"After many discussions about what songs to include and exclude on the EP, we decided to make a 10 track album instead," continues James. "We set to work on this in October 2010 - not long after the line up was complete. Over the course of about nine months, in short windows of our spare time, we recorded, mixed and mastered the album."
As with many other memorable albums, it seems that the recording process had its struggles as well as its highlights. "It was a very challenging process," Simon agrees. "Not least logistically as we all had full time jobs and had to find time in evenings and weekends although we were fortunate to have access to Broadwater Studios in Gateshead where Paul and Gav work. Lots of creative things happened during the recording process with everyone voicing opinions and Paul trying to feed them into the recording and production. Sometimes you would come back into the studio after a break to find that a track had taken a new direction. To hear arrangements take shape like this was the most exciting and rewarding thing but it could also be stressful."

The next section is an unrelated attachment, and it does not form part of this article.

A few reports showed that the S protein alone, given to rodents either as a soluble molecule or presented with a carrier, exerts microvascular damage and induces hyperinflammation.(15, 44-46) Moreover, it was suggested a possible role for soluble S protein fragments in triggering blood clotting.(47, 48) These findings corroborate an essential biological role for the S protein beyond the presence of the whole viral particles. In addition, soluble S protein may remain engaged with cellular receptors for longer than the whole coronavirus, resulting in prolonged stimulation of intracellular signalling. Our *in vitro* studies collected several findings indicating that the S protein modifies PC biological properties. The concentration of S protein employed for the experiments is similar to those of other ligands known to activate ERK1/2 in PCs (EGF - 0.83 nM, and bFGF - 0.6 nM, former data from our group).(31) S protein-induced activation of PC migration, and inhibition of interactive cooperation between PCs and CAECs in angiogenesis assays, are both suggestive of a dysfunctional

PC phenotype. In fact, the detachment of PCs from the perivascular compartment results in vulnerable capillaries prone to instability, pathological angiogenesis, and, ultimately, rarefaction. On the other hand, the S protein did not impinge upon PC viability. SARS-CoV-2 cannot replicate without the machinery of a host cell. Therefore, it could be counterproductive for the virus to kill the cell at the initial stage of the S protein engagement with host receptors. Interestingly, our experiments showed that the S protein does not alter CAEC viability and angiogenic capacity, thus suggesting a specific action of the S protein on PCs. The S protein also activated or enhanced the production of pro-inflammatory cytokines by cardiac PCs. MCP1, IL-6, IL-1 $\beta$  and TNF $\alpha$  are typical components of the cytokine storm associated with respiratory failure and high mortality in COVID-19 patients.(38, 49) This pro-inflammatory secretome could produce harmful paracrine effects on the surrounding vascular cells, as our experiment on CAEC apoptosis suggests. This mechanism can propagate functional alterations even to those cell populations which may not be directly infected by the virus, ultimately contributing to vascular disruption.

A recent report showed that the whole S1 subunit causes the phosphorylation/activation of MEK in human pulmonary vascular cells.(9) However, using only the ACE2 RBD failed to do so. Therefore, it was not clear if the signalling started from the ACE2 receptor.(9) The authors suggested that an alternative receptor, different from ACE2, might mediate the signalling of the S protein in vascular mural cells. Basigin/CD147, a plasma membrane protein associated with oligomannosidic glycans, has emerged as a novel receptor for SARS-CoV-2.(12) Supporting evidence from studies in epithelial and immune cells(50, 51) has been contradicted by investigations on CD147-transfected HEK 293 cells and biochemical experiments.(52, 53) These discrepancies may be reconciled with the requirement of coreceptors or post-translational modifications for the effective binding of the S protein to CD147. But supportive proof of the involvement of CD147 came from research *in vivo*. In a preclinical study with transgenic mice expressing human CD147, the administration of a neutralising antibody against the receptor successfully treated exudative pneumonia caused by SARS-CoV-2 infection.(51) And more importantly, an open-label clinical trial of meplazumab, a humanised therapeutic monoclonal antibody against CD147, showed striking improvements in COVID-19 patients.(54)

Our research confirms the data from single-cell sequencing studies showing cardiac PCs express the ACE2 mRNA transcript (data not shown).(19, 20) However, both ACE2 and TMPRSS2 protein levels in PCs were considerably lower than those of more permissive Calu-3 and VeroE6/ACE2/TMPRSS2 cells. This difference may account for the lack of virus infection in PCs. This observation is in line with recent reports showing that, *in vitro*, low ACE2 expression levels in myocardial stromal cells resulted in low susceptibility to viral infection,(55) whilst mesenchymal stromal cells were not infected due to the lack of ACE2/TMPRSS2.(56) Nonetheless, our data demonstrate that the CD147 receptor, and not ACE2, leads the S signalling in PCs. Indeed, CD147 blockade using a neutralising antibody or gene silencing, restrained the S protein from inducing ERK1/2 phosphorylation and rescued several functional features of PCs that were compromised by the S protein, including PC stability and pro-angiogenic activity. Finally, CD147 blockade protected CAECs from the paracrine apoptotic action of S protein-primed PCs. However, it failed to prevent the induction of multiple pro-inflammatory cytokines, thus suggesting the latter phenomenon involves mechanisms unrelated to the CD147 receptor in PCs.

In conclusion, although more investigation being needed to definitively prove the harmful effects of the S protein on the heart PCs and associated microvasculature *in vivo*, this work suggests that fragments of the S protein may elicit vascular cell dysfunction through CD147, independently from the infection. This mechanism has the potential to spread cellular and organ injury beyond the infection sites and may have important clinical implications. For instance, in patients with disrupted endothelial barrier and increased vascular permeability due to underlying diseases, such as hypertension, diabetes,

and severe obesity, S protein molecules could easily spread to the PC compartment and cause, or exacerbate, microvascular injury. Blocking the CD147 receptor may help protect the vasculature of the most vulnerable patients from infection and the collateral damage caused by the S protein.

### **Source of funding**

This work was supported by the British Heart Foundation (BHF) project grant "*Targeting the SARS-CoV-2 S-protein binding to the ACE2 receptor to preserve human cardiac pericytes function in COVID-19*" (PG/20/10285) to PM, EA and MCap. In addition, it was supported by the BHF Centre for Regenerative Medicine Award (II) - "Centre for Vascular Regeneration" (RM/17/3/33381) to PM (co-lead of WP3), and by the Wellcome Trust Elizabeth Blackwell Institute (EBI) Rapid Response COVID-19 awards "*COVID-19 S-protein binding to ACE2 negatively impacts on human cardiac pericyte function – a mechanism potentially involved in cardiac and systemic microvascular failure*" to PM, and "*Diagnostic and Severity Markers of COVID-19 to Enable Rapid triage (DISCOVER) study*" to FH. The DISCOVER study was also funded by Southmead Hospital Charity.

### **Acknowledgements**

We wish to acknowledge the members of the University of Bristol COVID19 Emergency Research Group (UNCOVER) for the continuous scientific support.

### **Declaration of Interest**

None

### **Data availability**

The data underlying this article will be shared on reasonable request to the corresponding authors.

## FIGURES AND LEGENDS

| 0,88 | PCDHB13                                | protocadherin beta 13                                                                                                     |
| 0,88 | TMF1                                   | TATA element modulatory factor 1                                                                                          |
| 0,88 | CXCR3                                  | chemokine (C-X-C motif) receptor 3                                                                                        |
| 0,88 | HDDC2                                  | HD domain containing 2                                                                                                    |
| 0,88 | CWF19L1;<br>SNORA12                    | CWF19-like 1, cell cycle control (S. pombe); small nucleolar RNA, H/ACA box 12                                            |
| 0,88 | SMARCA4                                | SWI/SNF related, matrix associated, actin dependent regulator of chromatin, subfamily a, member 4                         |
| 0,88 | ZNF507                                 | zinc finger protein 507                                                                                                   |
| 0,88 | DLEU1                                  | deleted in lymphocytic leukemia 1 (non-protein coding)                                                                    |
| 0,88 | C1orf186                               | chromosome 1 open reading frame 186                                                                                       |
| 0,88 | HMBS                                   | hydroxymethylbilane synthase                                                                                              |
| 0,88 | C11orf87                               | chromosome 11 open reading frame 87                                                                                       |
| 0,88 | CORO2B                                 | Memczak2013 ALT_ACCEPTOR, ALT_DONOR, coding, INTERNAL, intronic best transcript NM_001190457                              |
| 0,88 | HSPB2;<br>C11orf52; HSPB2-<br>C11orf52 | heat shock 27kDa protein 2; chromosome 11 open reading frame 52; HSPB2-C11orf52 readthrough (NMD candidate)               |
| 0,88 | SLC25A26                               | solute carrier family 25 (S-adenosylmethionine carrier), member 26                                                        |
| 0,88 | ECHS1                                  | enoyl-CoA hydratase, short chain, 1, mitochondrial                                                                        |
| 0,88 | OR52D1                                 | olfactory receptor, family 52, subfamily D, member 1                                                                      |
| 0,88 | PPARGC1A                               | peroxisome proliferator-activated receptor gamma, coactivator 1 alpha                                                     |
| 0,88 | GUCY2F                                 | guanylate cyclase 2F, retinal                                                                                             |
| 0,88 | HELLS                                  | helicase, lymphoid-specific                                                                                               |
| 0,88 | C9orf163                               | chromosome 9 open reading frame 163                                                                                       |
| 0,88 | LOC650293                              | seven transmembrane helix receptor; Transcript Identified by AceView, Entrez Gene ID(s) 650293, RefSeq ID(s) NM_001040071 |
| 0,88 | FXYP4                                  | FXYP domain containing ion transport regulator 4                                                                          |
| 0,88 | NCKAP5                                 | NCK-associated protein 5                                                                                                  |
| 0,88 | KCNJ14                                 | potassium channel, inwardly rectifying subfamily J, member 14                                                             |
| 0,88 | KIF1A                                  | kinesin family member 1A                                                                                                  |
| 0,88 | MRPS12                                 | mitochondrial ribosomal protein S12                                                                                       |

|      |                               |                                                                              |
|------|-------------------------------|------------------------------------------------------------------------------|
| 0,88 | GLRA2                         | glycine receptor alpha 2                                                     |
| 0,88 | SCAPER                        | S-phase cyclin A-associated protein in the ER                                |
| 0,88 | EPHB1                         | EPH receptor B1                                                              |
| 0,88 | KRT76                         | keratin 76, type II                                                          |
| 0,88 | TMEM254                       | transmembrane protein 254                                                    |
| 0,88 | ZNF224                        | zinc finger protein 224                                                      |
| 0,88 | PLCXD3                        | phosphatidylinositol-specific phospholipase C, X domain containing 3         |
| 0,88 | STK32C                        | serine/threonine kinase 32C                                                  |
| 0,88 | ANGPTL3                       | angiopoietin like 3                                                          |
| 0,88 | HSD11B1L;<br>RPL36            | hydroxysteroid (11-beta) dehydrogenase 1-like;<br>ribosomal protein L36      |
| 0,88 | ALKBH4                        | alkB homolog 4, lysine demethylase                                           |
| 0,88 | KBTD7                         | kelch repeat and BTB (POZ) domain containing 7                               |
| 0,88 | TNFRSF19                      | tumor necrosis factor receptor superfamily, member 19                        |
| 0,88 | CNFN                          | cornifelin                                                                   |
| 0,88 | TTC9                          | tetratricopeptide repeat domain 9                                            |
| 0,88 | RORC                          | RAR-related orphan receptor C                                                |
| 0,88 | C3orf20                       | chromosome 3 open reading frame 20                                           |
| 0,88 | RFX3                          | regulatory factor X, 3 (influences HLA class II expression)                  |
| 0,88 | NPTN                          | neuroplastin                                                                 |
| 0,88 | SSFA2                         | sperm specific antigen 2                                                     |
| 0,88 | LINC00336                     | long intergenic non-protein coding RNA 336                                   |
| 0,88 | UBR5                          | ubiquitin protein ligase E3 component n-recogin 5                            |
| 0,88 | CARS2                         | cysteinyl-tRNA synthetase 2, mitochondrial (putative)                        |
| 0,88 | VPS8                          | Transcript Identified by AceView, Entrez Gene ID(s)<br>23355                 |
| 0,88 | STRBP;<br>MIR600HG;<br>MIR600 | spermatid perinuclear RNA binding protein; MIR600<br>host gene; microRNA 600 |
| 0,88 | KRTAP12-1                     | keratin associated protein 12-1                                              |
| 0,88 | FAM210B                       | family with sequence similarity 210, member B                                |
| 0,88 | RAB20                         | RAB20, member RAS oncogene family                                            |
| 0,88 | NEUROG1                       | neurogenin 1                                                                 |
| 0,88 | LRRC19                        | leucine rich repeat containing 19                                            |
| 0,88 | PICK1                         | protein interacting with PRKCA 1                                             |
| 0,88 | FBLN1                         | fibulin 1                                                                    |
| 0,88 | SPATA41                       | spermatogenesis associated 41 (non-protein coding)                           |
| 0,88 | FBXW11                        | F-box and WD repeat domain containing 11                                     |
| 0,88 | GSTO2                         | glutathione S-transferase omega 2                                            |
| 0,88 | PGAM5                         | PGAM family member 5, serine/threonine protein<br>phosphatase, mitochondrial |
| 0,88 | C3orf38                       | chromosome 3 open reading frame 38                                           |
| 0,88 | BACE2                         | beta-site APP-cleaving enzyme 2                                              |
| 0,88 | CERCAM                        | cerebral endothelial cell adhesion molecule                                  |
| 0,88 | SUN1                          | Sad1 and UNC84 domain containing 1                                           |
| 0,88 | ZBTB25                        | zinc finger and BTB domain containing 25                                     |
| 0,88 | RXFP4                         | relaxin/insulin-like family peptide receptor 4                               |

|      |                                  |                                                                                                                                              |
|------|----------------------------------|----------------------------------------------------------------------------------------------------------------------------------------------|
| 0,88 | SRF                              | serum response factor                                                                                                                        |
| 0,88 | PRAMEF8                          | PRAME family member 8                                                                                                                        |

Thanks to the band's hard work and perseverance, the end product is an impressive album that seems familiar and fresh at the same time. I ask Paul Worthington why this is. "I suppose lots of our songs are in quite traditional forms so they seem to be recognisable in that they're reflective of other forms of music," he suggests. "Also we try to write quite emotional material and I think this appeals to people's deeper instincts. The reaction to the album's been better than we had expected. We've had glowing reviews from the press and on blogs so I'm really happy that people are enjoying the record."
I ask the band why there is a heavy American influence on the album in terms of musical styles and why they haven't referenced more indigenous sources. "Music tastes in the band are diverse but we've all always been partial to a bit of folk, country and Americana," clarifies James. "Many of Paul's songs were written in a traditional style and, as we arranged them and worked on them together, we tended to settle into the sound you hear on the album quite nicely. As for local influences, Tyne And Wear and Northumberland has a good heritage of folk music - perhaps not Americana so much but certainly in the same ball park."